Net zero is the most insane anti-economic notion conceived in the last few decades, a literal rejection of modern energy intensive technological society. The idea that the economic fallout caused by the Wuhan coronavirus lockdowns can be alleviated by making energy more expensive and travel less accessible is like, well, drinking bleach or fish tank cleaner to ward off said virus: the behaviour of genuine authentic unalloyed idiots.

The only way to put net zero carbon targets into growth strategies is to utterly repudiate net zero policies in favour of actual economic growth.

Mick Hartley on the politics of the Lockdown

I at first thought that I’d just wait and see, and avoid opining about Cornonavirus until the whole ghastly episode was over and we were all back to the new normal, whatever that turned out to be. But, having waited, I am already now seeing. It is becoming ever clearer, as a few were loudly asserting from the get-go, that this bug is far more widespread, but far less likely to kill you even if you get it, than had at first been proclaimed. I do not care who Professor Ferguson is bonking, but I care very much about how wrong he has been, about so much, for so long, and yet how the governing classes around the world, including the British government, still chose to listen to him. (Is it known (comments anyone?) what Ferguson thinks about climate change? I bet he’s been a fanatical catastrophist about that also.)

Someone who has done a lot to persuade me to get off the fence like this is Mick Hartley. As I mentioned in passing at the end of this earlier posting here, Mick Hartley has been very good on the subject of the Lockdown. His typical posting on the subject has tended to consist of a big quote from someone else, often dragged out from behind a paywall, with a few comments from him topping and tailing his posting. But, in his piece on Saturday, entitled Lockdown politics, although there are links in it to the thoughts of others, Hartley writes for himself.

On the whole I’d say that the left is more supportive of the lockdown than the right. Yes I know, left vs right doesn’t mean so much any more, but it still means something. The left more supportive of the state, perhaps, vs the right more concerned about individual freedom. I haven’t looked, but I imagine somewhere in the Guardian comments someone has said that the right only want to get back to work because they want to make money and don’t care about people’s lives. And, seen this morning prominently displayed in a window: “Capitalism isn’t worth dying for”. …

Which is odd in a way, because the lockdown might be seen as a left-wing cause. Against the lockdown, that is.

It’s clear that the poor are having a much harder time than the middle classes at the moment: stuck in worse accommodation, with worse facilities, desperate for an end to this, and, for many, worried sick about their jobs and their future. We hear almost exclusively now from the middle classes – what books they should read, what films they should watch, and how to keep their kids active and up-to-the-minute with their education. These are the people, generally, who don’t have big financial worries, can work from home, and feel perhaps rather smug about how well they’re coping. But it’s obvious that there’s a whole mass of people that we never hear from … destitute, miserable people stuck in lousy over-crowded housing wondering how on earth they’re going to cope.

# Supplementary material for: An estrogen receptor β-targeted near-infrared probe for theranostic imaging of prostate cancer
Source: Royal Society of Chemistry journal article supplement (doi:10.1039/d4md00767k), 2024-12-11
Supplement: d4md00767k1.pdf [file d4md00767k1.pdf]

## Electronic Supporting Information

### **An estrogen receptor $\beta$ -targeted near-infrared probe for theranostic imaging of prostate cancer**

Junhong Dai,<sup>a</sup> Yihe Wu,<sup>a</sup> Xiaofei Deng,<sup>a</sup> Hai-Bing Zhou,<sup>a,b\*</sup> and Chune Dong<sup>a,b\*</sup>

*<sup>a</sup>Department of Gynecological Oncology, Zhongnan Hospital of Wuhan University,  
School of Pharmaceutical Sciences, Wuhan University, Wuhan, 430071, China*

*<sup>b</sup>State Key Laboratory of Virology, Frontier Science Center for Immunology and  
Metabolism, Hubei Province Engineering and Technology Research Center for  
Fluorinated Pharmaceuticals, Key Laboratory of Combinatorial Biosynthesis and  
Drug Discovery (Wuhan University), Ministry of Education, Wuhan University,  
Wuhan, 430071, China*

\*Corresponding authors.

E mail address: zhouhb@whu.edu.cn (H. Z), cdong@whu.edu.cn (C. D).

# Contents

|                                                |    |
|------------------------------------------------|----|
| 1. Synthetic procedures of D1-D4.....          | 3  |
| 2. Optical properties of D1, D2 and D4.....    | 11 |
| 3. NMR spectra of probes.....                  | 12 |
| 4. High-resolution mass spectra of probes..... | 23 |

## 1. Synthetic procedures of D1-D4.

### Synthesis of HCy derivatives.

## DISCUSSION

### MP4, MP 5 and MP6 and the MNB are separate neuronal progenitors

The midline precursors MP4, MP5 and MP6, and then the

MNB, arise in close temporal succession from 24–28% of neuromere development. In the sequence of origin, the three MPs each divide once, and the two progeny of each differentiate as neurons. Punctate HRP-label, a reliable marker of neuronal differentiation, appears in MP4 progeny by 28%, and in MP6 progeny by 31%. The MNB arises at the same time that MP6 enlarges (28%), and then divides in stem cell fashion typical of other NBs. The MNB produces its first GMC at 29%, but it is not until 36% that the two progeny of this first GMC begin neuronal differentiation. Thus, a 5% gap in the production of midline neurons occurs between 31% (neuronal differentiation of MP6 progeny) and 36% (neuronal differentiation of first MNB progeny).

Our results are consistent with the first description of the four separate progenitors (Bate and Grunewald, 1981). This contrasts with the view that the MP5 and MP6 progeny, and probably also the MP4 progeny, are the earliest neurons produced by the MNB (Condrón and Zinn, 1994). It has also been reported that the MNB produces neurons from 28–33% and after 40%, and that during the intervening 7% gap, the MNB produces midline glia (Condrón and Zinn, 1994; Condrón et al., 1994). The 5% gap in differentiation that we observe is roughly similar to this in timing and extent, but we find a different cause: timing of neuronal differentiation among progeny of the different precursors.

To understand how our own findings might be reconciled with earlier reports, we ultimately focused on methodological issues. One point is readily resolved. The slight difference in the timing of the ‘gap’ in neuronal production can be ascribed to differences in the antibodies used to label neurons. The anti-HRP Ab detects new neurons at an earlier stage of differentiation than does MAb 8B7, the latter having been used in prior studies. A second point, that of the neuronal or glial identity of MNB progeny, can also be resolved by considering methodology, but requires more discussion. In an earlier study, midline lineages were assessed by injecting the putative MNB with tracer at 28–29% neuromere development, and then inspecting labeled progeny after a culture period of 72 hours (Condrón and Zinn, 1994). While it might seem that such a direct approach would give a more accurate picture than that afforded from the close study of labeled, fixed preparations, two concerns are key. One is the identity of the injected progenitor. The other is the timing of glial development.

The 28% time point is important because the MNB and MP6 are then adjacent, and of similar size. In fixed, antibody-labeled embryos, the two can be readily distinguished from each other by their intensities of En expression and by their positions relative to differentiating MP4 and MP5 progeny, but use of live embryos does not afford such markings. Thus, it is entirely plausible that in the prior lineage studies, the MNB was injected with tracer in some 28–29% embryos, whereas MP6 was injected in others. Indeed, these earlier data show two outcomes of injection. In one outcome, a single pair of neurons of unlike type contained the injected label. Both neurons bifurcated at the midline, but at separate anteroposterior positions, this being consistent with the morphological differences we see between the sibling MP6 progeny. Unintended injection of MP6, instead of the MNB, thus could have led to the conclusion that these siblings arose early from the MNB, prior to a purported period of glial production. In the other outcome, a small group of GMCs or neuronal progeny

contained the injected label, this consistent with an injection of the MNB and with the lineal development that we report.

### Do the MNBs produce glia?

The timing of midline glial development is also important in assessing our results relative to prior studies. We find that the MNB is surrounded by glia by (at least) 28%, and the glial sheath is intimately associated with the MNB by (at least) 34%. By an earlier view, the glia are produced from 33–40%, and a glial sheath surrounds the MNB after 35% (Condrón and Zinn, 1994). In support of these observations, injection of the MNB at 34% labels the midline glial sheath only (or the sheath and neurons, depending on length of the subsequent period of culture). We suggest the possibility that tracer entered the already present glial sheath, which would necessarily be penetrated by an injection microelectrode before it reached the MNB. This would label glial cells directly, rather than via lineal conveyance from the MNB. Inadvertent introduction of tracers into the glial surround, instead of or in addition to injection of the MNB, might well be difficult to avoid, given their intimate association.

The longer the lockdown continues, the worse it’s going to be. …

And for what? Who are we protecting? Well, Covid-19 is deadly serious notably for the very old – not at all for the young – and especially for men. So, we’re protecting old men, at the expense of just about everybody else. …

Whatever happened to the attitude embodied in the slogan “women and children first”?

You might think this would resonate with the left, but it doesn’t seem to. …

Will Keir Starmer start pressing Boris on ending lockdown? I hope so. He should do, in the name of the people that Labour claims to represent. He did, to be fair, make some noises to that effect some weeks back, asking for the government to set out guidelines for the return of schools and getting businesses back to work. I haven’t seen much since. …

And then this:

… I hope he pushes it more, because I’m beginning to lose faith in Boris ever getting together the necessary determination.

Me too. Read, as they say, the whole thing.

Labour, it seems to me and to many others I’m sure, has mutated from once upon a time being the party speaking for the poor, often against the government, to being the party of government, even when they aren’t the politicians in titular charge of that government. These people are now “supportive of the state”, to quote Hartley, even when they’re not personally in charge of it. It’s the process of government, whoever is doing it, whatever it is doing, that they now seem to worship. It is, as similar people in earlier times used to say, the principle of the thing, the principle being that they’re in charge. Many decades ago, Labour spoke for, well, Labour. The workers, the toiling masses. Now they represent most determinedly only those who labour away only in Civil Service offices or their allies in the media, in academia, and in the bureaucratised top end of big business.